In this article...
In this article, we explain how Wisconsin Courts Divide Property in a Divorce, including: What is a Community Property State?, What is Separate Property in a Divorce?, What is Marital Property in a Divorce?, How Property Gets Divided in a Wisconsin Divorce, How to use Marital Property Agreements, and What is Marital Waste and what can be done about it?
Wisconsin courts do their best to thoroughly divide marital property during a divorce. There are many decisions to be in made in regards to what belongs to which party, especially between separate and martial property. How do the courts make these decisions?
In this article, we explain how Wisconsin Courts Divide Property in a Divorce, including:
- What is a Community Property State?
- What is Separate Property in a Divorce?
- What is Marital Property in a Divorce?
- How Property Gets Divided in a Wisconsin Divorce
- How to use Marital Property Agreements
- What is Marital Waste and what can be done about it?
How Do Wisconsin Courts Divide Property in a Divorce?
If spouses can agree on how they will split their property, they can often save time and avoid the court making property division decisions for them. If not, the general rule is that spouses keep all their separate property, and marital property is split evenly between the spouses. This default rule can be changed by marital property agreement or by the court’s discretion as discussed below.
What does it mean to be in a Community Property State?
There are two major categories your assets are divided into, Separate Property and Marital Property. In Community Property States like Wisconsin, each spouse keeps their Separate Property, and all the Marital Property is split evenly between the spouses.
What is Separate Property?
Separate Property is property that is acquired before the marriage and brought to the marriage as well as gifts or inheritance from third parties intended only for one spouse.
In order for separate property to remain separate property, it must be kept separate. For example, if separate property (cash) of one spouse is added to a joint account used by both spouses, or if one spouse does something to increase the value of the other spouses separate property, that separate property will be considered “co-mingled” and may be reclassified as marital property to be split evenly upon divorce.
What is Marital Property?
Marital Property is everything that you acquire during marriage, or separate property that has been co-mingled with other marital property. If it is unclear whether something is marital or separate property, the presumption is that it is marital property.
Even if property was purchased before the marriage, property titled in only one of the spouse’s names can still be classified as marital property if both spouses have contributed to the property, or in some cases if both spouses have benefited from the property.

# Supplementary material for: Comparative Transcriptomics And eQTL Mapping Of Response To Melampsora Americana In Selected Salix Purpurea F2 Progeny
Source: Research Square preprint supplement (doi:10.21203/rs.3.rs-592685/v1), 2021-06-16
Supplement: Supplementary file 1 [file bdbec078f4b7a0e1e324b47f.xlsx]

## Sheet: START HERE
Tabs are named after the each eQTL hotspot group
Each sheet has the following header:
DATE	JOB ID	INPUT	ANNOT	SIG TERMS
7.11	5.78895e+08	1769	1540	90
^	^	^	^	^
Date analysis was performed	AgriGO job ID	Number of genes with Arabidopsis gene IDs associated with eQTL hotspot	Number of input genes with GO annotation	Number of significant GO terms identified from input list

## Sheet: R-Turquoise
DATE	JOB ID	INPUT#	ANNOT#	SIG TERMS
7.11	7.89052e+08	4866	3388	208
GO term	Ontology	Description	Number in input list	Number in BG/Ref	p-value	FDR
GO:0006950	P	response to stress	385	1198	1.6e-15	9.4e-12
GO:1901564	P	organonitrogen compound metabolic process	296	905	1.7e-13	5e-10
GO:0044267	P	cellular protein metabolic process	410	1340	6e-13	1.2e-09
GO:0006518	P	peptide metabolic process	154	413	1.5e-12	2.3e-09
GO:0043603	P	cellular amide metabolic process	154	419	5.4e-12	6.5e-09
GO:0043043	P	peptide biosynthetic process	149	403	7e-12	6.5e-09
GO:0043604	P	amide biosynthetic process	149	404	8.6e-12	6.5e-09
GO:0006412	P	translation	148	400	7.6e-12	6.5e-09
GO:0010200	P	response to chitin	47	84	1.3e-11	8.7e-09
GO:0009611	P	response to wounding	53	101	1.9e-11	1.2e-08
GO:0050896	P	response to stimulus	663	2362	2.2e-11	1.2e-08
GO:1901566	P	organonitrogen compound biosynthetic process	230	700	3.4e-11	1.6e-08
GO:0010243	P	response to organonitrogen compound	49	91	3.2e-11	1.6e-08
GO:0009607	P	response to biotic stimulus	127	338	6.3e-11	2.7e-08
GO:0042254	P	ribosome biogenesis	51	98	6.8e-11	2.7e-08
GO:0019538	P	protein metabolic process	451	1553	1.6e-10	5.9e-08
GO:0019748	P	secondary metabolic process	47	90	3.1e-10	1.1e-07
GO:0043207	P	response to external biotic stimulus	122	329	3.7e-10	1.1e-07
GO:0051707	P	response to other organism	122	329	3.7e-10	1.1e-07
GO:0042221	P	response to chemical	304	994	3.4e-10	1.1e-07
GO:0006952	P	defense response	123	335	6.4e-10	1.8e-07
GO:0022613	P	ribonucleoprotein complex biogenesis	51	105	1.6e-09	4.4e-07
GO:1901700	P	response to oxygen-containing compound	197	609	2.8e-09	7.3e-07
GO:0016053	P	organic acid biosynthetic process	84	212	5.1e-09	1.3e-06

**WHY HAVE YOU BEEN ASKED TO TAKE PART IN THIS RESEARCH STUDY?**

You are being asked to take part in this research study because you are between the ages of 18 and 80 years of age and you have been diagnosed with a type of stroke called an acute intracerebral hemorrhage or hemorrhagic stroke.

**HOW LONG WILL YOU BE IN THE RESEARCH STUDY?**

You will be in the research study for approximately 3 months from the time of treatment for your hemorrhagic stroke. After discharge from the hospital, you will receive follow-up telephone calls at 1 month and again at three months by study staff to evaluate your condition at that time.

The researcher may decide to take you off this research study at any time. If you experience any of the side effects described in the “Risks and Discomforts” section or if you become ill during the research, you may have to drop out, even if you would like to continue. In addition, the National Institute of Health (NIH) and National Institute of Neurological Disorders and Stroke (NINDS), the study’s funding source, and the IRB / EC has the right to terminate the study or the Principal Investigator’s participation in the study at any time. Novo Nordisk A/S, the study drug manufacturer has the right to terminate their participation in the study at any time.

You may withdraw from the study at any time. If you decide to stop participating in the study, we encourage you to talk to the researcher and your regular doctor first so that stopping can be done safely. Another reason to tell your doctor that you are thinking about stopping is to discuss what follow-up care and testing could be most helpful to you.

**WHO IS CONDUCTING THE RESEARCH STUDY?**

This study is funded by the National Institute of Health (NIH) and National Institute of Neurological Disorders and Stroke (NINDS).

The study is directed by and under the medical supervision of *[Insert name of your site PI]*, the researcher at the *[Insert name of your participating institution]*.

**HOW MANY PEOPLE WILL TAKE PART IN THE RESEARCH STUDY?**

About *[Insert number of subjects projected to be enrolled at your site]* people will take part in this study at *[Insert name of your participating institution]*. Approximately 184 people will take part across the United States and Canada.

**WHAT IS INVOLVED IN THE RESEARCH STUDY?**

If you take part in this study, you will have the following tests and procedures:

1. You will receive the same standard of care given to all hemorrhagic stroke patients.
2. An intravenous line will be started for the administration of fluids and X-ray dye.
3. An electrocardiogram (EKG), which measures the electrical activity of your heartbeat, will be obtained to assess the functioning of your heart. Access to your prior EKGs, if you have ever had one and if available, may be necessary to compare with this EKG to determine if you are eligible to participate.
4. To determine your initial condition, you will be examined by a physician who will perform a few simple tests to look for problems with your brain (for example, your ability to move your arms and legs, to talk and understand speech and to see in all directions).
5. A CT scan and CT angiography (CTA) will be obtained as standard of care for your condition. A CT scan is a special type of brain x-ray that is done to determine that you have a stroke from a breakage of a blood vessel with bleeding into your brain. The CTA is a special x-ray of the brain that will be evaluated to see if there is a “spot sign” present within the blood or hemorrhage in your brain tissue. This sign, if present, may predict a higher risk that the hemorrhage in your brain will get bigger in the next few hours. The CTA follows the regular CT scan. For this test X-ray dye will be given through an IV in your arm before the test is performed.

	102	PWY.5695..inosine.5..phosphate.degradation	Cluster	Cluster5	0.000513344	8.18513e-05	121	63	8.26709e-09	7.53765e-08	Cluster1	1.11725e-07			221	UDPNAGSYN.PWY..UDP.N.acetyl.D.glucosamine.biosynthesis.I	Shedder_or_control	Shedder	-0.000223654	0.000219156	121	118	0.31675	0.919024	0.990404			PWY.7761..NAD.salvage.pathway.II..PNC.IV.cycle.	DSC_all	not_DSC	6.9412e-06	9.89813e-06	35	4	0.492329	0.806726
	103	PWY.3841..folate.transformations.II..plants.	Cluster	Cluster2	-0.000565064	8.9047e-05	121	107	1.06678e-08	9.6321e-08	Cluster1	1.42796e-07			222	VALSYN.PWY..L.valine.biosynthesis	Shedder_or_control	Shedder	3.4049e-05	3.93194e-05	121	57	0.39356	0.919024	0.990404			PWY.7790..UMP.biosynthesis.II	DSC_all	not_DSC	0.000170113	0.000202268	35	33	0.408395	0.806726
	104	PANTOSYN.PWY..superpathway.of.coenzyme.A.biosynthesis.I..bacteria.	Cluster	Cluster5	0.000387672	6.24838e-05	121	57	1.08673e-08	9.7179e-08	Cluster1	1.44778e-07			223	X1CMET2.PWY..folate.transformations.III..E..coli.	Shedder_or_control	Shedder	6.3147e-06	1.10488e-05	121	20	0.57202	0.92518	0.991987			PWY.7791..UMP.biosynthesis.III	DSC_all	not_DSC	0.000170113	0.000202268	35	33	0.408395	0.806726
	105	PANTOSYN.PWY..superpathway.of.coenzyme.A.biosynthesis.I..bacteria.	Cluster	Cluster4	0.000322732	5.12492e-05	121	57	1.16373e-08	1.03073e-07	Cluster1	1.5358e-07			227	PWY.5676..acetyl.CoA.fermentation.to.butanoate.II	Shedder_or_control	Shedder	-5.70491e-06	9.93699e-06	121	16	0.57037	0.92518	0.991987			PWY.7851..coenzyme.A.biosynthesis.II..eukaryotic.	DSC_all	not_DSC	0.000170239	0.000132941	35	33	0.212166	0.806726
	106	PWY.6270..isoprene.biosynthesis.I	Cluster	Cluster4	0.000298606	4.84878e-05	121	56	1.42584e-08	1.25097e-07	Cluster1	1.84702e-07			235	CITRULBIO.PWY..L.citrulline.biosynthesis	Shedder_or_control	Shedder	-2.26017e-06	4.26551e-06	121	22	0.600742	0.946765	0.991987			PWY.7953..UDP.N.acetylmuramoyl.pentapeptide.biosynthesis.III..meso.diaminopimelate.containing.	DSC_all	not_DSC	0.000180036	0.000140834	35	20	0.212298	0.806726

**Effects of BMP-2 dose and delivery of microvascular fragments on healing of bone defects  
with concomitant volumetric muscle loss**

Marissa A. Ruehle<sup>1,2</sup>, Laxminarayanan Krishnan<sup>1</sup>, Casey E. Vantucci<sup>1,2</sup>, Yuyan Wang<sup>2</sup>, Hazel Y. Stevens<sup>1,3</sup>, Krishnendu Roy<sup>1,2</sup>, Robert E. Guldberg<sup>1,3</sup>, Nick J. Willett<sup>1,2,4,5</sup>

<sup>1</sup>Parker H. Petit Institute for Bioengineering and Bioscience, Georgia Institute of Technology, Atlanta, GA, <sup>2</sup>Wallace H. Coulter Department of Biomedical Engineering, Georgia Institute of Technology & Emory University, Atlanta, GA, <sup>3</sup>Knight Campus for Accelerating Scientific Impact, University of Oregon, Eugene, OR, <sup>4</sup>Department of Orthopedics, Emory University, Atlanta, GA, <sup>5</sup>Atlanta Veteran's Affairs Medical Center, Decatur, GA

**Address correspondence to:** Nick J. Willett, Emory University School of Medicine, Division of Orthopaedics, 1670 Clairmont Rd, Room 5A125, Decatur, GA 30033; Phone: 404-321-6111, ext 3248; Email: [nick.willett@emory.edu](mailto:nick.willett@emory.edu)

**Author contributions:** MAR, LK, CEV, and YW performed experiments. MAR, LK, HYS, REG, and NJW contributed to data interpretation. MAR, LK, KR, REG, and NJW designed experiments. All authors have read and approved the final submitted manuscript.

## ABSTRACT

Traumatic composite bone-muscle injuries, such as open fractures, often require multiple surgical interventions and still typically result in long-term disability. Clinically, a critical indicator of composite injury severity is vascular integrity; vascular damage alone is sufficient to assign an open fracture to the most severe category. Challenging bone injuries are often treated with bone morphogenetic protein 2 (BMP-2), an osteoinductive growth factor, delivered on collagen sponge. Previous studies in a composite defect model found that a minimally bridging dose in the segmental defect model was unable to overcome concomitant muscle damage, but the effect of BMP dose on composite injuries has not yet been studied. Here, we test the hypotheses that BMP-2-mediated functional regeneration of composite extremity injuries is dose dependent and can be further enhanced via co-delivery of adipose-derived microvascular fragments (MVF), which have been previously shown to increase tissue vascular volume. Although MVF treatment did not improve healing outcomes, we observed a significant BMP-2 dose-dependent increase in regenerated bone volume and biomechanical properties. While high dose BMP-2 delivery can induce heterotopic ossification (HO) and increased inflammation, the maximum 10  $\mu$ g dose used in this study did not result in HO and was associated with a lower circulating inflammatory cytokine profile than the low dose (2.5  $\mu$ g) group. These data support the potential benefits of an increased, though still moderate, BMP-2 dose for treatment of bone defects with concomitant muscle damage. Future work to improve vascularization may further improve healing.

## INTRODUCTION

According to Wisconsin Statute 767.61(2)(b), If it can be shown that refusing to divide one spouses separate property would create a hardship on the other spouse or on the children of the marriage, the court may divide separate property between the spouses.
How does our Property get Divided?
Property division in Wisconsin is governed by Wisconsin Statute 767.61. Generally speaking, each spouse keeps their separate property, and the marital property is split evenly between the spouses.
While the presumption is that the court will split marital property evenly, the court may decide to distribute property differently after considering factors laid out in Wisconsin Statute 767.61(3). These factors include but are not limited to: (a) the length of the marriage. (b) the property brought to the marriage by each party (c) Whether one of the parties has substantial assets not subject to division by the court. (d) The contribution of each party to the marriage, giving appropriate economic value to each party's contribution in homemaking and child care services. Etc. For example, if spouse A and B are married for only one or two years, Spouse A brought $1 million to the marriage and Spouse B brought $50k in debt, and there are no children of the marriage, the court may consider the brief marriage and the unequal assets and give a larger share of the marital property to Spouse A. The longer a marriage lasts, the less likely a court will be to make significant deviations from the presumed even split of marital property.
While there are many factors the court may consider for the distribution of marital property, it will NOT consider marital misconduct.
Marital Property Agreement
If a couple properly drafts and executes a marital property agreement (either before or after marriage) they can decide in the agreement how they want their assets to be divided. While there are some limitations, a marital property agreement can be used to bypass Wisconsin’s default rules, and allow spouses to decide which assets, property, or debt they want to classify individual/separate property, or marital property. These agreements give spouses more control over how their assets are divided both during and after a marriage.
What is Marital Waste and is there anything that can be done about it?
Marital waste is when one spouse overspends, destroys, gives away, transfers for inadequate consideration, or otherwise wastes marital property. When one spouse wastes marital assets in an effort to deprive the other spouse of the property in a divorce, the court has the discretion to make the wasteful spouse responsible for that loss by adding the value of the loss to their share of the marital assets. Under Wisconsin Statute 767.63, as long as the waste occurred within one year prior to the filing of the divorce, the wasted property is rebuttably presumed to be property subject to division.